Markus Luczak-Roesch

I am an Associate Professor at Victoria University of Wellington (New Zealand) and a Principal Investigator at Te Pūnaha Matatini, New Zealand's Centre of Research Excellence on Complex Systems. My work is highly inter- and transdisciplinary with a strong focus on mathematical modelling and computational analysis of evolving complex systems. I also investigate human-centred aspects of computing and data science.

Latest activities


  • Li, Y., Bernard, J. G., & Luczak-Roesch, M. (2021). Beyond Clicktivism: What Makes Digitally Native Activism Effective? An Exploration of the Sleeping Giants Movement. Social Media+ Society, 7(3), 20563051211035357.
  • Tomlinson, B., Boberg, J., Cranefield, J., Johnstone, D., Luczak-Roesch, M., Patterson, D. J., & Kapoor, S. (2021). Analyzing the sustainability of 28 ‘Blockchain for Good’projects via affordances and constraints. Information Technology for Development, 27(3), 439-469.
  • Roth, S., & Luczak-Roesch, M. (2020). Deconstructing the data life-cycle in digital humanitarianism. Information, Communication & Society, 23(4), 555-571.


  • Since July 2021 I am the Science Lead for the Veracity Technology Spearhead funded by the Science for Technological Innovation National Science Challenge. This project initially received $2 million in research funding for 2 years, and brings together a team of 10 academics from 5 of Aotearoa New Zeland's universities. One activity of this project is the establishment of the Veracity Lab, a new entity to explore, promote and support a high integrity national digital future in Aotearoa New Zealand.

Short bio

I am an Associate Professor within the School of Information Management at Victoria University of Wellington and a Principal Investigator at Te Pūnaha Matatini—New Zealand's centre for research excellence (CoRE) on complex systems. I am leading the Complexity & Connection Science Lab at Victoria University of Wellington that brings together students and researchers to work on theories and methods to understand the structures and dynamics of complex systems, and to develop computational tools that securely and meaningfully augment human intelligence.

I obtained my MSc (2008) and my PhD (2014) degrees from the Free University of Berlin (Germany) where I also worked as a Lecturer from 2010 to 2013. From 2013 until 2016 I then worked as a Senior Research Fellow at the University of Southampton (UK) on the prestigious EPSRC programme grant "SOCIAM - The Theory and Practice of Social Machines" (, which involved the universities of Oxford, Edinburgh and Southampton in an endeavor to understand what the inventor of the World Wide Web (and co-investigator on the SOCIAM project) Sir Tim Berners-Lee described in his book Weaving the Web as follows: "Real life is and must be full of all kinds of social constraint – the very processes from which society arises. Computers can help if we use them to create abstract social machines on the Web: processes in which people do the creative work and the machine does the administration."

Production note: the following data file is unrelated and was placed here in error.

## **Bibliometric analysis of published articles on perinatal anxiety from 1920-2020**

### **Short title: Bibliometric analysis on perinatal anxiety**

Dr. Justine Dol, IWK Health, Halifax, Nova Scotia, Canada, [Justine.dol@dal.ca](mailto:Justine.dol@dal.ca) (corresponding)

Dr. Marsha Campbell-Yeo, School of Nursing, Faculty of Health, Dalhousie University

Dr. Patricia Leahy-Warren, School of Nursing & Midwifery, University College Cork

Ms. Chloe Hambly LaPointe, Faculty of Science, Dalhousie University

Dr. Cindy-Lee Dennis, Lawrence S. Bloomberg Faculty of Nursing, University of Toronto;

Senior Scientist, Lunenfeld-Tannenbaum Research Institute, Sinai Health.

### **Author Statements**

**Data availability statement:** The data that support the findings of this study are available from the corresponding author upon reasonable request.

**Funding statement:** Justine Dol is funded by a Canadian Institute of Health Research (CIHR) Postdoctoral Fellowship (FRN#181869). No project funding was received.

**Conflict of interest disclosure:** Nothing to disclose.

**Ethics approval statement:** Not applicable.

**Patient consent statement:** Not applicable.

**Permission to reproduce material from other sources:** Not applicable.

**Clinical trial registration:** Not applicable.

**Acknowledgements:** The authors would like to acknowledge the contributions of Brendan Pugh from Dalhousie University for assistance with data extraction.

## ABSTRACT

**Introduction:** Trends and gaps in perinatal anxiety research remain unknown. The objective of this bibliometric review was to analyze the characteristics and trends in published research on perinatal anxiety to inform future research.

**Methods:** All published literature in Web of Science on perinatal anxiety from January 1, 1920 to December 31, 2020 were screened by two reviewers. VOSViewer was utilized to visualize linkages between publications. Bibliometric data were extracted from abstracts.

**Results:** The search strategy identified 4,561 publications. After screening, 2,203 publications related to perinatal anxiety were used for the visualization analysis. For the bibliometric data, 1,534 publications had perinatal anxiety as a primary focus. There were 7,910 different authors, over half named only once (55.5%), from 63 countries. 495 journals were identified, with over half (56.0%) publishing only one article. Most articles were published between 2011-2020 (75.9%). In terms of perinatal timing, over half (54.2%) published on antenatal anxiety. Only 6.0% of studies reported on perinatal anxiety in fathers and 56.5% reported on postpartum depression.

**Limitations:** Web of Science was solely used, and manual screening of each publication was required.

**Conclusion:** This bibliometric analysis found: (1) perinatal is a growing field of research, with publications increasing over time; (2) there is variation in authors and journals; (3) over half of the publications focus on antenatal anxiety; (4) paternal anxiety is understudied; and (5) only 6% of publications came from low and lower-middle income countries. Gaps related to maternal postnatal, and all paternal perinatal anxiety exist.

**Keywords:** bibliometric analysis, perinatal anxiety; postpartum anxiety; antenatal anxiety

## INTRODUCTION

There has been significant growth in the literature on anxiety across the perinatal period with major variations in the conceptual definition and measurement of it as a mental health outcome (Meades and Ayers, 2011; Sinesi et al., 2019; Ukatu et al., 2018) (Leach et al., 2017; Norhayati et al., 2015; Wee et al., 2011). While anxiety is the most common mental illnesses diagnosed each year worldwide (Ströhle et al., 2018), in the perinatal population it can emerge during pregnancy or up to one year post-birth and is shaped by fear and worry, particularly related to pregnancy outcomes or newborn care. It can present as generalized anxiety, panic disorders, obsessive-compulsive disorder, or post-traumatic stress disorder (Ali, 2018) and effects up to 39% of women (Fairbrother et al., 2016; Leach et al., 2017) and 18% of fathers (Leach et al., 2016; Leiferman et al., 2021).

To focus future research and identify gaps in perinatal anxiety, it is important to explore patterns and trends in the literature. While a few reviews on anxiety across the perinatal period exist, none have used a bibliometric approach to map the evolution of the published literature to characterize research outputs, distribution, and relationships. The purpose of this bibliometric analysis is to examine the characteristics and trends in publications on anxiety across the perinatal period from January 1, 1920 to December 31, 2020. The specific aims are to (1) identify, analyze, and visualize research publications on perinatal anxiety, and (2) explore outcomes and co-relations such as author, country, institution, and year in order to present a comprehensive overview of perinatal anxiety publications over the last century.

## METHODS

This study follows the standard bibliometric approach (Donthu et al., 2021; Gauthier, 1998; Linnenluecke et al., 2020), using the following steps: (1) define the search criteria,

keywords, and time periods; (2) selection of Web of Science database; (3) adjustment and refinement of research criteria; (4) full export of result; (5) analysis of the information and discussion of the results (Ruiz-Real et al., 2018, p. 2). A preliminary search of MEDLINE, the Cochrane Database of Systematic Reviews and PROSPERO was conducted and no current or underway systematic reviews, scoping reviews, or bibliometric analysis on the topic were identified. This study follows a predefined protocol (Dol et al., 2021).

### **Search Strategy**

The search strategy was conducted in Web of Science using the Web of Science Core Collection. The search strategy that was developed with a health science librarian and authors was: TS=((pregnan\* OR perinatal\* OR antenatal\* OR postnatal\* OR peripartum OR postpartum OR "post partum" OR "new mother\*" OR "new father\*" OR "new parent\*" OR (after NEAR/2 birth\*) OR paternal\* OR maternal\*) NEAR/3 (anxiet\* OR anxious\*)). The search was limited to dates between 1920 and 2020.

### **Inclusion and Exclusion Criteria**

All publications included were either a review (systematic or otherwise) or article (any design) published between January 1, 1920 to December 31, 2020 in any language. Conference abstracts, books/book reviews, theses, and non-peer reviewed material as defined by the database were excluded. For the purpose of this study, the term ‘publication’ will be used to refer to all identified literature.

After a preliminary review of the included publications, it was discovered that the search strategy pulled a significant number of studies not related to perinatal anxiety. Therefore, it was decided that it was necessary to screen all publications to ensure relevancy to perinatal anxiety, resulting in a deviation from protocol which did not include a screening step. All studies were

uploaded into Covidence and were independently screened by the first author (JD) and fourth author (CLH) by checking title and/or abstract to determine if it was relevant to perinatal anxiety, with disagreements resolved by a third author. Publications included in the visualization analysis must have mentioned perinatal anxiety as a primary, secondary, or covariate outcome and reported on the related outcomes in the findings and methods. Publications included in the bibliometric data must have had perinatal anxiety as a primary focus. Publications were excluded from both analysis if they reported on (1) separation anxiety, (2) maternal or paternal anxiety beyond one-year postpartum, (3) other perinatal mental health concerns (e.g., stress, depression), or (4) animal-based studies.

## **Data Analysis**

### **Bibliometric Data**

My curiosity is around the mathematics of change and in particular of change that is a result of rare coincidences. Change happens everywhere and all the time - in biological systems in social systems, in the economy, even in very basic every day situations. Sometimes we have the ability to anticipate or predict change, because we understand well the likelihood of the underlying events happening individually and them happening in a particular orchestration. But then there are events that are rare and have potentially never happened together with particular other events. Yet they change the overall system significantly and persistently. This property of most so-called complex systems is also known as emergence. So I ask questions like: What are the unifying mathematical properties of emergence? Does emergence happen similarly across different systems we can find in our world? Can we improve resilience and response to changes when we gain a better formal understanding of emergence?

My enthusiasm for this line of work originates from the early days of my computer science PhD research, where I investigated RDF data repositories that evolve aligned with the emergent changes in how people use (i.e. query) them. Today the systems in which I study emergence range from social systems (e.g. online communities and social movements), to biological systems (e.g. bacteria and brain activities), to cultural artefacts (e.g. language, literature, human personality), to numerical systems (e.g. prime numbers), to weather (e.g. climate change).

I also developed a track record in the Semantic Web field, where I specifically worked on human-centred ontology engineering, knowledge graph life cycle management, and semantic annotation tools for text.

Supervised undergraduate and postgraduate students (dissertations and thesis)